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The Reading List

Updated: Sep 15, 2020

Difficult Conversations by Douglas stone, Bruce Patton, and Sheila Heen


When you’re told you have a summer reading list for school, the first response that comes to mind is, “Ugh- homework.” Don’t get me wrong, I love to read and I mean, this whole going back to school thing was my idea. Safe to say, when I opened up the sleek white box, the dread dispersed when I saw the material. All the books were about strategy and design- all applicable to my day to day and nothing that was overwhelming. The first book I decided to pick up was called, “Difficult Conversations” by Douglas stone, Bruce Patton, and Sheila Heen. I had a heated argument with a friend that morning, so of course, I reached for this book first thinking that this book would give me insight to the error of their ways. It actually made me take a closer look at myself.

Courage to Speak Up

No one wants to talk about their feelings. It’s easier to forget about the issue or ignore the problem- or is it? Chapter 5 is titled “Have your feelings or they will have you,” which is absolutely true. One way or another, they will slowly ooze out or burst. Think of that one friend with the snide comments or that parent that tends to lose it over absolutely nothing. Not every feeling might be worth addressing, but holding back can do more damage than good. We’re also afraid to have these conversations because they threaten our identity. We want to see ourselves as being a certain kind of person- kind, competent, loved, etc. No one is all or nothing- we have to become familiar with our identity issues- those sensitivities that can make us react a certain way to a specific conversation or event.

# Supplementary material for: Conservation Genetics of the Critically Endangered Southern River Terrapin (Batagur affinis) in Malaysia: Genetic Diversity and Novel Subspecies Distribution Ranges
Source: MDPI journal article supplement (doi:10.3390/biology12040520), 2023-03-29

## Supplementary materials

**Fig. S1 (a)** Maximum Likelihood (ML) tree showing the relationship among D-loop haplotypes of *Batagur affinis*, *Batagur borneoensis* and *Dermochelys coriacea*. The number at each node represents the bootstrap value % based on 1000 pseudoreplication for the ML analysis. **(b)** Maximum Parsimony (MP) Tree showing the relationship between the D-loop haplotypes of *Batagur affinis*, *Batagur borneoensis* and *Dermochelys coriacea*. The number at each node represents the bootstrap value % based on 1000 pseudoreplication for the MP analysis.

Organizing Your Thoughts

Finding the courage to address the situation is only half the battle. The next step is how do you compose your thoughts and speak without assuming their intentions and pushing blame.

It’s so easy to get caught up in our own head. It’s necessary to take a step back, and observe from the other person’s perspective as well as third person perspective.

  • Actions- What did they actually say or do?

  • Impact- What was the impact on me?

  • Assumption- Based on the impact, what assumption am I making about what the other person intended.

Hold this view as a hypothesis. Walk the other person through their actions, the impact, and your assumptions. Make sure to tell them you are checking not asserting that it’s true.

Understanding Contribution

What is contribution? It’s about understanding. In most situations, it’s never completely the other person’s fault. When we blame, it makes us lose focus on what’s causing the problem and then there is never a solution to correct it. It’s more important to figure out a solution vs pointing fingers. It’s also difficult to think that we are most likely a part of the problem.

The Conversation

1. Begin from third story perspective.